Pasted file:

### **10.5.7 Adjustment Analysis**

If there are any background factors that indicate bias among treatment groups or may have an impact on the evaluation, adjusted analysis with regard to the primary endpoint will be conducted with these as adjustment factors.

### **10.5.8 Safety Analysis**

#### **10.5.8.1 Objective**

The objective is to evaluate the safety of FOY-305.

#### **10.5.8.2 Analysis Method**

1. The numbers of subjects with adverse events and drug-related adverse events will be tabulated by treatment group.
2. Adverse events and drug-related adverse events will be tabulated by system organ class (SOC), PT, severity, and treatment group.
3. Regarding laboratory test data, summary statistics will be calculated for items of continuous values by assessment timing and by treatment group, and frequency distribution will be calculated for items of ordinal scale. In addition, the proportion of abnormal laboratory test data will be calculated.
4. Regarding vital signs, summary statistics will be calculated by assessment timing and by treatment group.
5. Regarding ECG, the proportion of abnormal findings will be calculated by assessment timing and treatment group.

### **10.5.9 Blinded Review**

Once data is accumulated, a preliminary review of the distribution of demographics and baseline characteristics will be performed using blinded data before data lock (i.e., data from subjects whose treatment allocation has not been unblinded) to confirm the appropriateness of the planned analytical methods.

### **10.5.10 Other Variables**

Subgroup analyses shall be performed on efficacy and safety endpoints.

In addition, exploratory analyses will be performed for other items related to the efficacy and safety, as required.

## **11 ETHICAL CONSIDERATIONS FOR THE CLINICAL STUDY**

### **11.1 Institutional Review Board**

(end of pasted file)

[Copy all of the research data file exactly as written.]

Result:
### **10.5.7 Adjustment Analysis**

If there are any background factors that indicate bias among treatment groups or may have an impact on the evaluation, adjusted analysis with regard to the primary endpoint will be conducted with these as adjustment factors.

### **10.5.8 Safety Analysis**

#### **10.5.8.1 Objective**

The objective is to evaluate the safety of FOY-305.

#### **10.5.8.2 Analysis Method**

1. The numbers of subjects with adverse events and drug-related adverse events will be tabulated by treatment group.
2. Adverse events and drug-related adverse events will be tabulated by system organ class (SOC), PT, severity, and treatment group.
3. Regarding laboratory test data, summary statistics will be calculated for items of continuous values by assessment timing and by treatment group, and frequency distribution will be calculated for items of ordinal scale. In addition, the proportion of abnormal laboratory test data will be calculated.
4. Regarding vital signs, summary statistics will be calculated by assessment timing and by treatment group.
5. Regarding ECG, the proportion of abnormal findings will be calculated by assessment timing and treatment group.

### **10.5.9 Blinded Review**

Once data is accumulated, a preliminary review of the distribution of demographics and baseline characteristics will be performed using blinded data before data lock (i.e., data from subjects whose treatment allocation has not been unblinded) to confirm the appropriateness of the planned analytical methods.

### **10.5.10 Other Variables**

Subgroup analyses shall be performed on efficacy and safety endpoints.

In addition, exploratory analyses will be performed for other items related to the efficacy and safety, as required.

## **11 ETHICAL CONSIDERATIONS FOR THE CLINICAL STUDY**

### **11.1 Institutional Review Board**